The Daily Goodbye
Good morning, everyone.
Cuba's diva, mezzo-soprano Marta Perez, was the first Cuban to sing at Milan's La Scala opera house. You may have seen her on the Ed Sullivan show, unless you run in the La Scala circle. She died this week, at age 85.
Here's another musician you may have heard, although you didn't know it. Abe Torchinsky, a tubaist with the NBC Symphony Orchestra under Arturo Toscanini from 1946 to 1949, then with Eugene Ormandy's Philadelphia Orchestra from 1949 to 1972, an era of tremendous recording activity and a time when the orchestra's brass section was perhaps the most admired in the world. He too died this week.
There are shades of gray in every walk of life, despite what those sure of their own opinions will tell you. Yet some jobs require a definite answer, despite those too-close-to-call situations. I'm thinking of baseball umpire Frederick Brocklander, who called balls and strikes in the majors and minors for nearly 30 years. This Baltimore Sun story has a great anecdote about an angry manager in the Midwest League; I won't ruin it for you.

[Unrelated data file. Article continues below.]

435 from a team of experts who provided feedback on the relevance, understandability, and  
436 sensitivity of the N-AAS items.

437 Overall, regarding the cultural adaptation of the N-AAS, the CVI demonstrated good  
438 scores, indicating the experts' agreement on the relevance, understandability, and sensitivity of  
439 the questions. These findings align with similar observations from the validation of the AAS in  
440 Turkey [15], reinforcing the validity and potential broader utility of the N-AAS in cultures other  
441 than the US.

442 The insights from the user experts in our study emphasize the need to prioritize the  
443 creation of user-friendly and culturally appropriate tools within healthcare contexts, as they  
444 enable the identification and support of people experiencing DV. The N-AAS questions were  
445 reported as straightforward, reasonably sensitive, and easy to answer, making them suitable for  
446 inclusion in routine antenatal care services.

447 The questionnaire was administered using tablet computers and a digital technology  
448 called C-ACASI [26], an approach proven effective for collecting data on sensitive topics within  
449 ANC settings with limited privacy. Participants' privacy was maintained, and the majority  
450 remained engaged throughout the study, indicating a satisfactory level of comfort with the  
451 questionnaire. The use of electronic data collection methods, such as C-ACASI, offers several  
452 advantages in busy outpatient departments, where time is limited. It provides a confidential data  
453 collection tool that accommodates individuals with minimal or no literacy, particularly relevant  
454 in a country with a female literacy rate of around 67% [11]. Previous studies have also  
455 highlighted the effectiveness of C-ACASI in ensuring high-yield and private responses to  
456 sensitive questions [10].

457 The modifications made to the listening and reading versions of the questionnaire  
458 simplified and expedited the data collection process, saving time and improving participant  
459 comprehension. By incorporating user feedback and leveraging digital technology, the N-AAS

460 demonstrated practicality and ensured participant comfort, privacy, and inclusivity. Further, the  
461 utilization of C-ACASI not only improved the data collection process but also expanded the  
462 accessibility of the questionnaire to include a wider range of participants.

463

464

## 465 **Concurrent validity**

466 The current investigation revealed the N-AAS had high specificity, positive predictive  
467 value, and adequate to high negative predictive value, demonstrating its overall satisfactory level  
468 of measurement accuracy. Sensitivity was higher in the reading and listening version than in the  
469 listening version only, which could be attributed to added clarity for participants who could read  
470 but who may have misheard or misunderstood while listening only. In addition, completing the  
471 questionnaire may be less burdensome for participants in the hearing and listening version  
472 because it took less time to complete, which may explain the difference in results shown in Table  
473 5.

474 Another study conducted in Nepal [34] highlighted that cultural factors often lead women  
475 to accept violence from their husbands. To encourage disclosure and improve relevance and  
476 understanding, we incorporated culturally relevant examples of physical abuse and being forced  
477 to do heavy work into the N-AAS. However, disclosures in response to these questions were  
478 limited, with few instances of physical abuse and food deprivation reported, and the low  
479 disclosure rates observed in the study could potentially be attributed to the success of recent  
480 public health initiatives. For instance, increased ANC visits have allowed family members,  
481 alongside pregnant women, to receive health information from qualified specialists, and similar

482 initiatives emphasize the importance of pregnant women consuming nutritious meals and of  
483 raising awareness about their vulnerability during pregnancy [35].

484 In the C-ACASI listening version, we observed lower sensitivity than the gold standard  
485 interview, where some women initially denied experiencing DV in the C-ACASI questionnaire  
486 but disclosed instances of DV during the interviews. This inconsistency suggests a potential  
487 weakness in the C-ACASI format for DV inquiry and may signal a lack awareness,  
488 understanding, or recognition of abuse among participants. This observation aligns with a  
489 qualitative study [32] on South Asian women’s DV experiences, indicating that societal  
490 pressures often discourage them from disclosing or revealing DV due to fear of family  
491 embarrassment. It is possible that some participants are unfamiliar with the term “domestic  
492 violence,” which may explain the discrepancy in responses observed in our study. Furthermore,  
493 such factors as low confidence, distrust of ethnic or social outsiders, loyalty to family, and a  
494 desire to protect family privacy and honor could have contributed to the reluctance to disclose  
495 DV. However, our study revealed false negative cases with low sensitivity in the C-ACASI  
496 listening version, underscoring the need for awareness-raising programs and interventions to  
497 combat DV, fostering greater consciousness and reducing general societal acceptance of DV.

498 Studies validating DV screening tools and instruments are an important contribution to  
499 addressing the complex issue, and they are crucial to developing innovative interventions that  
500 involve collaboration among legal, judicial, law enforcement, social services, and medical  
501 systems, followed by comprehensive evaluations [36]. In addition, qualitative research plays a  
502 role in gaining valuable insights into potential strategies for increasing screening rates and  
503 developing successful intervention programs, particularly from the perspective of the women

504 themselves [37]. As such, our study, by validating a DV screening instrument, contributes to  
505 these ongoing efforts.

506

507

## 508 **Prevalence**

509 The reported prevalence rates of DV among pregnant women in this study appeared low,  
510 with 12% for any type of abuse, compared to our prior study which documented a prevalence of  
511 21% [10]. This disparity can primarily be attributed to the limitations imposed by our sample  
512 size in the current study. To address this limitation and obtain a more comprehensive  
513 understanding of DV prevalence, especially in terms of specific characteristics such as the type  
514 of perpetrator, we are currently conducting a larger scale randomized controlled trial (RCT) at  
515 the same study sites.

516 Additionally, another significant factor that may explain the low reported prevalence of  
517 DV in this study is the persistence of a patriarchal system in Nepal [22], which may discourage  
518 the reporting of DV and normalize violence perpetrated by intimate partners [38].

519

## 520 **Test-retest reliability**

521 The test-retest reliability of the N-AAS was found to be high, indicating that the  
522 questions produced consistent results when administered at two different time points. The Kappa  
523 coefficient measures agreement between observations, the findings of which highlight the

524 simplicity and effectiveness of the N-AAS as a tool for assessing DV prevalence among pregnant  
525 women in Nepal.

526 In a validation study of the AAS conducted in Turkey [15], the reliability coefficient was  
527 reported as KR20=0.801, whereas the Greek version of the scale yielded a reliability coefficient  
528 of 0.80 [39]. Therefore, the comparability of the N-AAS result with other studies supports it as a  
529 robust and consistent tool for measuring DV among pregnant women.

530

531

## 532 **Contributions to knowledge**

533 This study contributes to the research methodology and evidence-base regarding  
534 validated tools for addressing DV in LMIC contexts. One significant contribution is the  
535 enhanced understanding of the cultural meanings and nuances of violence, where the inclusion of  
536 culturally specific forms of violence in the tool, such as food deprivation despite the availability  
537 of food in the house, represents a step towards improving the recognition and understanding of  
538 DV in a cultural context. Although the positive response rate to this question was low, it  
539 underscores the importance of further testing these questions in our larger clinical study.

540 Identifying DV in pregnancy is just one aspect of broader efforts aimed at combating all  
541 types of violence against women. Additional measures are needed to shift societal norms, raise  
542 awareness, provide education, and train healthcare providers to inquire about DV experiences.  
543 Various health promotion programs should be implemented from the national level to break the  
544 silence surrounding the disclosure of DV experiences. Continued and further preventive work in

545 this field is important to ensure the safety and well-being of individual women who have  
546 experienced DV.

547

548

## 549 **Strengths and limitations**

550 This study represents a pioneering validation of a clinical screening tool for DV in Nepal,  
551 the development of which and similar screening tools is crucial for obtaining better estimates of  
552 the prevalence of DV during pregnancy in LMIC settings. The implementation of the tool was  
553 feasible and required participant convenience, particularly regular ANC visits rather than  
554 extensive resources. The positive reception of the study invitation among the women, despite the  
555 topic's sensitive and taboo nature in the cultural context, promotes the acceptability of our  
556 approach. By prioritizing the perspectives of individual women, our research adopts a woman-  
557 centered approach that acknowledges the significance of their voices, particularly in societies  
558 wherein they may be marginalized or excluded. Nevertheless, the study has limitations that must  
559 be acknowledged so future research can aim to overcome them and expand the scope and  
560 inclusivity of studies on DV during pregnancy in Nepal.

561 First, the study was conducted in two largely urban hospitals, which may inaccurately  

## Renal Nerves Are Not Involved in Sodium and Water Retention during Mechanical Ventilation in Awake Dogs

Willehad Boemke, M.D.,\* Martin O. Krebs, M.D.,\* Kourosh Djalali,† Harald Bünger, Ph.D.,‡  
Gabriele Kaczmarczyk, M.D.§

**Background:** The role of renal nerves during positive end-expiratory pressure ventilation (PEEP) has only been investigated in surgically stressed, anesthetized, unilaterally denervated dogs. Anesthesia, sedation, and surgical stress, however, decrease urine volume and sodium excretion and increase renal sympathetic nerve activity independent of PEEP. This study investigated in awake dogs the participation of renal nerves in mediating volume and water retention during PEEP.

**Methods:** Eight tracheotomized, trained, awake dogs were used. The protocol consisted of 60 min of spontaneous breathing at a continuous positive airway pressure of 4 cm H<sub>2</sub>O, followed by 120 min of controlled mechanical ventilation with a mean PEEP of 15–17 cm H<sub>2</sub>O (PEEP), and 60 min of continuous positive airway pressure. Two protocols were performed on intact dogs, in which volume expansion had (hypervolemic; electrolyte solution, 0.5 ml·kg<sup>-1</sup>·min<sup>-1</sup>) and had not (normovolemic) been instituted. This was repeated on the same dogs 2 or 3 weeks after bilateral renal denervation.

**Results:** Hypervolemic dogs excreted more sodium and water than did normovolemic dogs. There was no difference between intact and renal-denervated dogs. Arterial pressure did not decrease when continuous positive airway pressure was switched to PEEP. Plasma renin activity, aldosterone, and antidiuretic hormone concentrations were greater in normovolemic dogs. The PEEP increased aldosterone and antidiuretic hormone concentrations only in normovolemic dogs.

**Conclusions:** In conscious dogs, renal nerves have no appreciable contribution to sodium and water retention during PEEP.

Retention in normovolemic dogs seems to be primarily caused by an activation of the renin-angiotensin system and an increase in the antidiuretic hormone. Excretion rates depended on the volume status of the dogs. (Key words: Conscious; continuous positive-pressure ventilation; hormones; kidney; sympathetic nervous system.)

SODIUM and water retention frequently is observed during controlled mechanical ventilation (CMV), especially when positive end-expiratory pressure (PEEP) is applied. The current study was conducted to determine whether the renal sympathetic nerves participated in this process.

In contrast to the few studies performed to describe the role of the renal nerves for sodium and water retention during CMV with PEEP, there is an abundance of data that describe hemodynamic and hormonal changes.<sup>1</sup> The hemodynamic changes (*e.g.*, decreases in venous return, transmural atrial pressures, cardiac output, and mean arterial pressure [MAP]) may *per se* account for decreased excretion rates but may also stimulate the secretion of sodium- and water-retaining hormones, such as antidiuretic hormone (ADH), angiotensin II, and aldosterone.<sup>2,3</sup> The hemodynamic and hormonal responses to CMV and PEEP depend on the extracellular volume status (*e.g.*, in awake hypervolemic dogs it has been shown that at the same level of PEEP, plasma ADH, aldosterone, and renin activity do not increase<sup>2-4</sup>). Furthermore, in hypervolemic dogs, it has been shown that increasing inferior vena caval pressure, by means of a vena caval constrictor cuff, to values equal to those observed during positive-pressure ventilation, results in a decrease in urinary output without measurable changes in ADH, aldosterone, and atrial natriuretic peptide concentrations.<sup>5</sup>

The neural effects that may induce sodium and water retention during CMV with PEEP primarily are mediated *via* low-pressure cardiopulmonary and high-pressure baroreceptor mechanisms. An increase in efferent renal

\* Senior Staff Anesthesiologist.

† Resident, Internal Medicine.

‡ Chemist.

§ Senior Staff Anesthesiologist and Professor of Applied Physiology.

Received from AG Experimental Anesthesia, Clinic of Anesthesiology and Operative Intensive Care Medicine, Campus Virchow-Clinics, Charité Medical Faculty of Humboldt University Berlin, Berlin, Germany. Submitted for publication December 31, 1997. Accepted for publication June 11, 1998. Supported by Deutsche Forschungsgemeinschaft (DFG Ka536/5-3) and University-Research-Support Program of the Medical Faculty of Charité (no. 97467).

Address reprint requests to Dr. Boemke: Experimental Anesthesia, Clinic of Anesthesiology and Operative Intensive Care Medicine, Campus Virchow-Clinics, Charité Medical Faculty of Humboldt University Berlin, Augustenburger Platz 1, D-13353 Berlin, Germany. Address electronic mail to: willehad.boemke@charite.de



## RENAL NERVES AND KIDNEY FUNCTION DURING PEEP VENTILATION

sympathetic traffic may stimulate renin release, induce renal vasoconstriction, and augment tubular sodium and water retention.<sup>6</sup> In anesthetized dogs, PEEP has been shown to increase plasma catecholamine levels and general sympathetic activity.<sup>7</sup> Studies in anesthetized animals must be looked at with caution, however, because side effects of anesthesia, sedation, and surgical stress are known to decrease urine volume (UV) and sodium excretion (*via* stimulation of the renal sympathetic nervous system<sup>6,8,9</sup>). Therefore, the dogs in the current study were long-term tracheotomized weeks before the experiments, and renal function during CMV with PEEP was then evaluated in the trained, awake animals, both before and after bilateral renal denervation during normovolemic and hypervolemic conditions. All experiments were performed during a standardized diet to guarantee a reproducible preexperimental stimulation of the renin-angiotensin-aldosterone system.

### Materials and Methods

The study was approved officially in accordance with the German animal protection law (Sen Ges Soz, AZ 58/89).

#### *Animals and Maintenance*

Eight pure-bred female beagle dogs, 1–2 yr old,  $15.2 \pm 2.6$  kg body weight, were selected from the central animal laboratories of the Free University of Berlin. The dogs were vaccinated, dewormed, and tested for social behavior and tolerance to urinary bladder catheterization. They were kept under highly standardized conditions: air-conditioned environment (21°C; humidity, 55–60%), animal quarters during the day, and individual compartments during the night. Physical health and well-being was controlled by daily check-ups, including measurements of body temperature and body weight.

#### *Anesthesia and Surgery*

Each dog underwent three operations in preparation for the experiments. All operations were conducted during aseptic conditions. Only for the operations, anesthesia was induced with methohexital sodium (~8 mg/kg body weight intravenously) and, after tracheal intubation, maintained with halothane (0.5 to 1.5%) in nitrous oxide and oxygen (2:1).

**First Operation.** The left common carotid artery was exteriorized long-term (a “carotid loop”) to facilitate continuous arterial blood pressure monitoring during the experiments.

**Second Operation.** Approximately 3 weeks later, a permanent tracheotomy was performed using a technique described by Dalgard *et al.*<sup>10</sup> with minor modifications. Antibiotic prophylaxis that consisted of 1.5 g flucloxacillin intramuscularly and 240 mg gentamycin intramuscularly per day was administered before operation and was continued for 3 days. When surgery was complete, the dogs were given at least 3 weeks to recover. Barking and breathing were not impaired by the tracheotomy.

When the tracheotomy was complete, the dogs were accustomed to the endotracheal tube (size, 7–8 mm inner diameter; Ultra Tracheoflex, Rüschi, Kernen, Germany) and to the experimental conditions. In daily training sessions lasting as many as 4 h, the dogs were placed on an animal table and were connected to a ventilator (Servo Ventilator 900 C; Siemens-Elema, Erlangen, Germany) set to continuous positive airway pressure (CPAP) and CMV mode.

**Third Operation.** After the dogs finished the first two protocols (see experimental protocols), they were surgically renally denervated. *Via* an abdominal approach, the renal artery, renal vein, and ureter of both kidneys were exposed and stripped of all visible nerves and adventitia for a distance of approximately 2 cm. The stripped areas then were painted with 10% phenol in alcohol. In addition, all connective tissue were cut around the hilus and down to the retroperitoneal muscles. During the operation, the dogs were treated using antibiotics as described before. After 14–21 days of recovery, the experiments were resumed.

Dr. Andrew Willis White Jr., a physician from Menlo Park, Calif., did not have easy time gettng through school, much less medical school. As a child, he worked as a "yard boy." He rode his bicycle 17 miles a day to get to school. After winning a partial college scholarship, he couldn't afford the rest of the tuition, so he worked as a redcap and porter. World War II put him into the Army, and finally, with the GI Bill, he was able to go to Howard University. His wife, who landed a good job at the Library of Congress, put him through medical school at Howard. And at his death, people said that he was so attuned to the struggles of the poor that he once even accepted collard greens and barbecued food as payment for treating a patient.
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